Witnessing both of these beautiful souls crack open their hearts to be who they are meant to be in the world is an honor, to say the least. As we all know, life is messy, complicated, and very uncomfortable at times but if we continue to listen to our intuition, we’ll always be on the right road, no matter what our head (or other people) might be telling us at the time.
For example, I followed my intuition and fought to give the Tedx Talk I knew I was meant to give in Sedona in November. I knew that censoring the talk and taking out bits of my journey in order to please the folks in charge was not what I felt in my heart was the right thing to do so I fought to keep in the parts about working on cold cases with law enforcement and visions coming to me out of nowhere.
Just this past week, I finally heard from TEDx staff in NYC why my talk (that I gave back in November) hadn’t been published yet. (I’m one of three presenters whose talks have not published because of this very thing.) Turns out, they feel my talk violates the content guidelines set by TED. I am still waiting on information regarding exactly what they feel violates the guidelines. Visions? #Metoo? Repression of memories? Talk of abuse? I’m hoping they will share this information soon.
From what I’ve read, they have the right to put a disclaimer on the talk, publish it only on the local TED website, or ban it all together. There are many TEDx talks that include intuition and one in particular was presented by a professional intuitive medium so it will be interesting to learn exactly what the problem is but I can tell you this—it’s all happening exactly the way it is supposed to happen. I’m no stranger to this type of scenario. It happened with Shark Tank, too. And the outcome was better than I could have imagined.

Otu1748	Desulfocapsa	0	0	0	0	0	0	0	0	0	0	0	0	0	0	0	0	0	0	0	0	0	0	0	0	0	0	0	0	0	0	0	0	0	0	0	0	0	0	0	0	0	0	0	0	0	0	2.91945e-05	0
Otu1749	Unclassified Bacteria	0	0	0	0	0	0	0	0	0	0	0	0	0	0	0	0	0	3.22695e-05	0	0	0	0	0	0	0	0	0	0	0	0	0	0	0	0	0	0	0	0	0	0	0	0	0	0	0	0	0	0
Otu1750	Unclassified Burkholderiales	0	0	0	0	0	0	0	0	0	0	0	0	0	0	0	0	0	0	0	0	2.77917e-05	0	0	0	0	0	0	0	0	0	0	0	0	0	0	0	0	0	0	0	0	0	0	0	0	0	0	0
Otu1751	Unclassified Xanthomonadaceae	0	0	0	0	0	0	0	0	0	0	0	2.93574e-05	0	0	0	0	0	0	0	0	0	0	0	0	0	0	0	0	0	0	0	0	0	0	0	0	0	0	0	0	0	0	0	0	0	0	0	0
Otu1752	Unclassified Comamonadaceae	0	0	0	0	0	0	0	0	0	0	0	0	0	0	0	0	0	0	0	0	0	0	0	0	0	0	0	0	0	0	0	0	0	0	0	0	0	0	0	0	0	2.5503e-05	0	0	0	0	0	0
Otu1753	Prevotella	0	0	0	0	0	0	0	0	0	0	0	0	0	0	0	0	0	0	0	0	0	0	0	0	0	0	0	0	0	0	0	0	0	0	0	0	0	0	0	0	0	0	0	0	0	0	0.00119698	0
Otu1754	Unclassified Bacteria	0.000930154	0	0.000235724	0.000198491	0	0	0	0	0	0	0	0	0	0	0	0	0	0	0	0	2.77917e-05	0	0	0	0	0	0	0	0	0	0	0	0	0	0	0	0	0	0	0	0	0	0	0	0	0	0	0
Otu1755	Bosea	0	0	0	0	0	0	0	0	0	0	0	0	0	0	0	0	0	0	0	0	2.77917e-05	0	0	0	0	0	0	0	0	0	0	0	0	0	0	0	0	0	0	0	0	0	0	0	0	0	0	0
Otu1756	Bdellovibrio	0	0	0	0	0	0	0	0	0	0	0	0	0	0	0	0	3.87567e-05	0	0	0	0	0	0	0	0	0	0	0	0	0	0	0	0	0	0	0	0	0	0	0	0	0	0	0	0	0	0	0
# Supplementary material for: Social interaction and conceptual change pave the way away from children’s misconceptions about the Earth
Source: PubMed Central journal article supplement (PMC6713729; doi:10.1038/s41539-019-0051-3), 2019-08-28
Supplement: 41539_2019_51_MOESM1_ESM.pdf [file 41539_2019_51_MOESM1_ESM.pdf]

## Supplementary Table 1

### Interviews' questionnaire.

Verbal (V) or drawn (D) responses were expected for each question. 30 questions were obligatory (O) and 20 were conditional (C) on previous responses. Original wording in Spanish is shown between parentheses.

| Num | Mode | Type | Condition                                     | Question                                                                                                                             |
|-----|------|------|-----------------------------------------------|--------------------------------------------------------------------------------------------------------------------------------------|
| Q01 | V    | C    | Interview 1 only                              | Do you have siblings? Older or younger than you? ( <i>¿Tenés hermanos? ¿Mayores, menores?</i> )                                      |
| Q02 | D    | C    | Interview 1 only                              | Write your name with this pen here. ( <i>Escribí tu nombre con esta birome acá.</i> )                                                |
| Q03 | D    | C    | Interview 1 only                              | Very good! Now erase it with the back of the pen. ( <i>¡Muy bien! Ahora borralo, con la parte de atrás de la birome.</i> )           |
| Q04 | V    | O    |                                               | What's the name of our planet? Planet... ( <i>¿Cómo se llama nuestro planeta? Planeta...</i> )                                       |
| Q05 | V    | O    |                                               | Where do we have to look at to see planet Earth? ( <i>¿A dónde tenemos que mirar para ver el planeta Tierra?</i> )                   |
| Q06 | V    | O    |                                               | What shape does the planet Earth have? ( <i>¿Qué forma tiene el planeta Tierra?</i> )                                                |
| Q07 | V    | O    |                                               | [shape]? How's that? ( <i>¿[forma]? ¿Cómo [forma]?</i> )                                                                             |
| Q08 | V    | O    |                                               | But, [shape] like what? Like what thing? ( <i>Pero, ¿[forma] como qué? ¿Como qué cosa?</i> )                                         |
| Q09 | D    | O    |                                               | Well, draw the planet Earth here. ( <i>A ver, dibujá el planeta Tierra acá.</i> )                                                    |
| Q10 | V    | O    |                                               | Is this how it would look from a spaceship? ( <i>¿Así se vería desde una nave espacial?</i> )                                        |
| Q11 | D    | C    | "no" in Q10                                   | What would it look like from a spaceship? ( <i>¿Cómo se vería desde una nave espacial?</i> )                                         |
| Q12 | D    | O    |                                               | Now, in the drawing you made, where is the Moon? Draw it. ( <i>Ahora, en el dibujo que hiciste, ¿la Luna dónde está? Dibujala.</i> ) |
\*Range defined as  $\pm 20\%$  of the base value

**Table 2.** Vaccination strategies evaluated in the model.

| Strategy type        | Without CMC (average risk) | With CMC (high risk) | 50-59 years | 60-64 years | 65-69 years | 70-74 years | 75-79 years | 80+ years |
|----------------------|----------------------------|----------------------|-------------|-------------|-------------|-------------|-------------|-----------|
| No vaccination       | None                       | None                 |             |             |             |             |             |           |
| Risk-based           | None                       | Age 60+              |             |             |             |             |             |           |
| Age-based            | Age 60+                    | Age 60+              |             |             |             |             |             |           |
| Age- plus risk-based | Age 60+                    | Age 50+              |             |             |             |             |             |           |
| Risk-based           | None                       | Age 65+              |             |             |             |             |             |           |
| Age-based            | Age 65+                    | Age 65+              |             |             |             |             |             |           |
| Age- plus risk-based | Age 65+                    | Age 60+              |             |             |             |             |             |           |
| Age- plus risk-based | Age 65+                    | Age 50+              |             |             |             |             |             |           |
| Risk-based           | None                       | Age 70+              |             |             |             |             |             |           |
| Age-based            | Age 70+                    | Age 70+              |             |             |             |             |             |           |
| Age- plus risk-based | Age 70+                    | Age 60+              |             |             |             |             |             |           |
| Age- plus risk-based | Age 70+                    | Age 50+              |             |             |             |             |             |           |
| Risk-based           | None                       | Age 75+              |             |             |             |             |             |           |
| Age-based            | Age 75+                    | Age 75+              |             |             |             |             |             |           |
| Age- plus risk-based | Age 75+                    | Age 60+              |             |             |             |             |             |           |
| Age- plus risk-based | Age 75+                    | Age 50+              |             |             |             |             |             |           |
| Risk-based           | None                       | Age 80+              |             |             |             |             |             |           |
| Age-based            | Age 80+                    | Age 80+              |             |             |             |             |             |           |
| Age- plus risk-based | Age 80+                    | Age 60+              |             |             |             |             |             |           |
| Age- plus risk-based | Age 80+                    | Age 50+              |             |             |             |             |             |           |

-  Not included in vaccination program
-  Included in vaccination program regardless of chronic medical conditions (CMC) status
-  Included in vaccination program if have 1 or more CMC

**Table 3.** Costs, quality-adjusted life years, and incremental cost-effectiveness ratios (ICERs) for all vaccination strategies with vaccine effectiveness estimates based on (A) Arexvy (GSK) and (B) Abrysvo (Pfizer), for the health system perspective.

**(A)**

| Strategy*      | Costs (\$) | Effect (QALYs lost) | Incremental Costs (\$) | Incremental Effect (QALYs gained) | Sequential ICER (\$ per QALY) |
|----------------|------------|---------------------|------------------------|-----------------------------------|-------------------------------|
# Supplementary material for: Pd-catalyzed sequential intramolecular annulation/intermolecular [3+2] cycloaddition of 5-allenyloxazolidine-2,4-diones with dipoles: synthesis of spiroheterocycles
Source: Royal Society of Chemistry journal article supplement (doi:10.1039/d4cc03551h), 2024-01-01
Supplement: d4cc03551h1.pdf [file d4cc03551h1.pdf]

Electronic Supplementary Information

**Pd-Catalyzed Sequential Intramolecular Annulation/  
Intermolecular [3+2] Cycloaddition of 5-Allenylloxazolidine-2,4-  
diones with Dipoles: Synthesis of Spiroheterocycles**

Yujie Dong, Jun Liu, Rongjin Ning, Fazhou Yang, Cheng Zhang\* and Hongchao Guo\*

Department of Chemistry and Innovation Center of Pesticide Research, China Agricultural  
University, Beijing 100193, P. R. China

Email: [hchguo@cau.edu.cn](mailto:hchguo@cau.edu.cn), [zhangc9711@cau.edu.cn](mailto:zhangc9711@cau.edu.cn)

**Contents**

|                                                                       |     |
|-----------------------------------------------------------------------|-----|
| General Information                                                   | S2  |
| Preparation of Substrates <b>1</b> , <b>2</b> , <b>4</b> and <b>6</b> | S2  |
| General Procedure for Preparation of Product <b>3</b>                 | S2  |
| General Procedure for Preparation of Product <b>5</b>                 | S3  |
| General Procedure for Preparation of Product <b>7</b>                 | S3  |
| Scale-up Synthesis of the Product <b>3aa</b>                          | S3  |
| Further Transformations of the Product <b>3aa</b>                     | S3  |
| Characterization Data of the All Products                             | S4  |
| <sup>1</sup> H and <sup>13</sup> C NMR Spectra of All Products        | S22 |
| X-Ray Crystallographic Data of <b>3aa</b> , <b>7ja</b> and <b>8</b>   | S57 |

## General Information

I’ll keep you all posted but I feel very peaceful about how it’s all unfolding and I will make sure that my talk is published regardless of the decision by TED. Nothing about my journey, nor Noah’s or my young friend I mentioned earlier, has been “comfortable” but maybe it’s not supposed to be.
Maybe we’re supposed to always strive to be exactly who we know we are in our heart and soul, unapologetically and authentically. No matter what society tells us.